Wakabayashi I. Blood HDL cholesterol levels influence association of alcohol intake with blood pressure in young men but not in middle-aged men. Alcoholism: Clinical and Experimental Research 31(9), 2007.


Story Source:

The above story is based on materials provided by Center for the Advancement of Health. Note: Materials may be edited for content and length.


Cite This Page:

Center for the Advancement of Health. "Heavy Drinking Raises Blood Pressure In Older Men Regardless Of 'Good' Cholesterol." ScienceDaily. ScienceDaily, 6 September 2007. <www.sciencedaily.com/releases/2007/08/070831143413.htm>.
Center for the Advancement of Health. (2007, September 6). Heavy Drinking Raises Blood Pressure In Older Men Regardless Of 'Good' Cholesterol. ScienceDaily. Retrieved February 28, 2015 from www.sciencedaily.com/releases/2007/08/070831143413.htm
Center for the Advancement of Health. "Heavy Drinking Raises Blood Pressure In Older Men Regardless Of 'Good' Cholesterol." ScienceDaily. www.sciencedaily.com/releases/2007/08/070831143413.htm (accessed February 28, 2015).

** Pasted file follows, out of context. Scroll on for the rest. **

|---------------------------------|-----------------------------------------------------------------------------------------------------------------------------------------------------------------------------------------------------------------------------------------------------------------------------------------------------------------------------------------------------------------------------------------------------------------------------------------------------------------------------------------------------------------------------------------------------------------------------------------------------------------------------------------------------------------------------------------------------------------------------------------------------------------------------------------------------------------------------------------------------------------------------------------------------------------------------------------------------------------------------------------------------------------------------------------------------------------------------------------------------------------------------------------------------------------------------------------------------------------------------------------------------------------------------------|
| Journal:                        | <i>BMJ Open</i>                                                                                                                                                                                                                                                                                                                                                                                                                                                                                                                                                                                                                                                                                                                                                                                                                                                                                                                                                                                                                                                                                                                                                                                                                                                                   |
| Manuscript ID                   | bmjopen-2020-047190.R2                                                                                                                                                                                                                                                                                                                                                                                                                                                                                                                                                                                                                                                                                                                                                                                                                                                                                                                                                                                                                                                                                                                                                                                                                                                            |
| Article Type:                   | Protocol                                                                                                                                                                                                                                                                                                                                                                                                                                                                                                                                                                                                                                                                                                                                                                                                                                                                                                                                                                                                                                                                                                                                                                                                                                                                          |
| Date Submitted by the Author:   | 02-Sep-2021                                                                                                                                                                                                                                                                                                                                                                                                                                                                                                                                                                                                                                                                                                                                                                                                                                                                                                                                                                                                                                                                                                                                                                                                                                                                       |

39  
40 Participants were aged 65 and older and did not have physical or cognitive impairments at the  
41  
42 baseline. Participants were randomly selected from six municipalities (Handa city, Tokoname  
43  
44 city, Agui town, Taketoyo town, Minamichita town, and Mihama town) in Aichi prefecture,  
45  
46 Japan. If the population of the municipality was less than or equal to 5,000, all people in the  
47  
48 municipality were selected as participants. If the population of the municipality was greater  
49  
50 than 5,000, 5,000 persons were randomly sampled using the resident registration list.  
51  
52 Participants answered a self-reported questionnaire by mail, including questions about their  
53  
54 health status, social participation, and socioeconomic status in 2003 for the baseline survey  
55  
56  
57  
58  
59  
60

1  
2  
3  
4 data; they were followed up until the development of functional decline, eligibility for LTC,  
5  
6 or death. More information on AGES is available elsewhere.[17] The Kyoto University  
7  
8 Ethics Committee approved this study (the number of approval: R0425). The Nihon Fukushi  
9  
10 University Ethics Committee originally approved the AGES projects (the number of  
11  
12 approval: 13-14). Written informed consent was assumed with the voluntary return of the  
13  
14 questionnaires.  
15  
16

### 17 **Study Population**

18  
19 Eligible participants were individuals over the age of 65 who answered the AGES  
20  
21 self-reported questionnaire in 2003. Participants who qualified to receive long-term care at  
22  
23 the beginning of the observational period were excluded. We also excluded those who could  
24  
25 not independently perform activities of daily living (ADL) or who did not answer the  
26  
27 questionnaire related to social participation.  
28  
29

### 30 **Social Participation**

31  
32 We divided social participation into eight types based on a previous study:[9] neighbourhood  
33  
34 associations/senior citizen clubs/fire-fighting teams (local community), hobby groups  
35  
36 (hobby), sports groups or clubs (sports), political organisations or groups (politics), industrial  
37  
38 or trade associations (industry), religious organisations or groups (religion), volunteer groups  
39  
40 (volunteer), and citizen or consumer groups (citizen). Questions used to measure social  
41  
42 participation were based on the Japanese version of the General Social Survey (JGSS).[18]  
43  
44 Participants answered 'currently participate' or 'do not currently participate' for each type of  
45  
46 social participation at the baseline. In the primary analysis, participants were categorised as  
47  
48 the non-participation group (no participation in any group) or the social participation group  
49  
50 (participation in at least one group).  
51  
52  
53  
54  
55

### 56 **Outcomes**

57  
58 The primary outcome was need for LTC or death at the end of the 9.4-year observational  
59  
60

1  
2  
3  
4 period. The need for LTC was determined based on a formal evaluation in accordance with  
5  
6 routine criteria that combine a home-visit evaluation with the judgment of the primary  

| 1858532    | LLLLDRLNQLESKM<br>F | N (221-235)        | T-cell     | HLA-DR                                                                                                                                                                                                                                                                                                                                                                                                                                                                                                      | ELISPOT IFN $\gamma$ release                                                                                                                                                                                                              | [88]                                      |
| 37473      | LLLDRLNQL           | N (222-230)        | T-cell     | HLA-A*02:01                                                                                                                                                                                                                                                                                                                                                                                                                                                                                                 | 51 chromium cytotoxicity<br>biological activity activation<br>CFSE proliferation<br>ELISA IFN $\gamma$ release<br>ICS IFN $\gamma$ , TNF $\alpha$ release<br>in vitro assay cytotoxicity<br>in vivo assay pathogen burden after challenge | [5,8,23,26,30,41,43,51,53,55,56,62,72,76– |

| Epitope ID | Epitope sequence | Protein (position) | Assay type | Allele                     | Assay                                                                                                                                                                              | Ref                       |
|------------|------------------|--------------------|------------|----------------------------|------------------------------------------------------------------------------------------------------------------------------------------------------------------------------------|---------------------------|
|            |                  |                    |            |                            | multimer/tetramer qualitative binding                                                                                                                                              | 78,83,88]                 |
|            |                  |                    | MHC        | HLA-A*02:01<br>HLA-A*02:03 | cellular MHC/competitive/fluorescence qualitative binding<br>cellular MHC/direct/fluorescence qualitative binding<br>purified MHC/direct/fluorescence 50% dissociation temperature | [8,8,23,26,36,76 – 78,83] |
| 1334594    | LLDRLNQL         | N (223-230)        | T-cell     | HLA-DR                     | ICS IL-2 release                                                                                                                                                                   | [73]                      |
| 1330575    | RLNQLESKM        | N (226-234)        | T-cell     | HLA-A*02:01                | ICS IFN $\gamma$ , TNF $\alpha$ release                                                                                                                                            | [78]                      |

Share This


More From ScienceDaily



More Health & Medicine News

Saturday, February 28, 2015

Featured Research

from universities, journals, and other organizations


Featured Videos

from AP, Reuters, AFP, and other news services

Could a $34 Smartphone Device Improve HIV Diagnosis in Africa?

Could a $34 Smartphone Device Improve HIV Diagnosis in Africa?

Reuters - Innovations Video Online (Feb. 27, 2015) A dongle that plugs into a Smartphone mimics a lab-based blood test for HIV and syphilis and can detect the diseases in 15 minutes, say researchers. Tara Cleary reports. Video provided by Reuters
Powered by NewsLook.com
Doctor Says Head Transplants Possible Within Two Years

Doctor Says Head Transplants Possible Within Two Years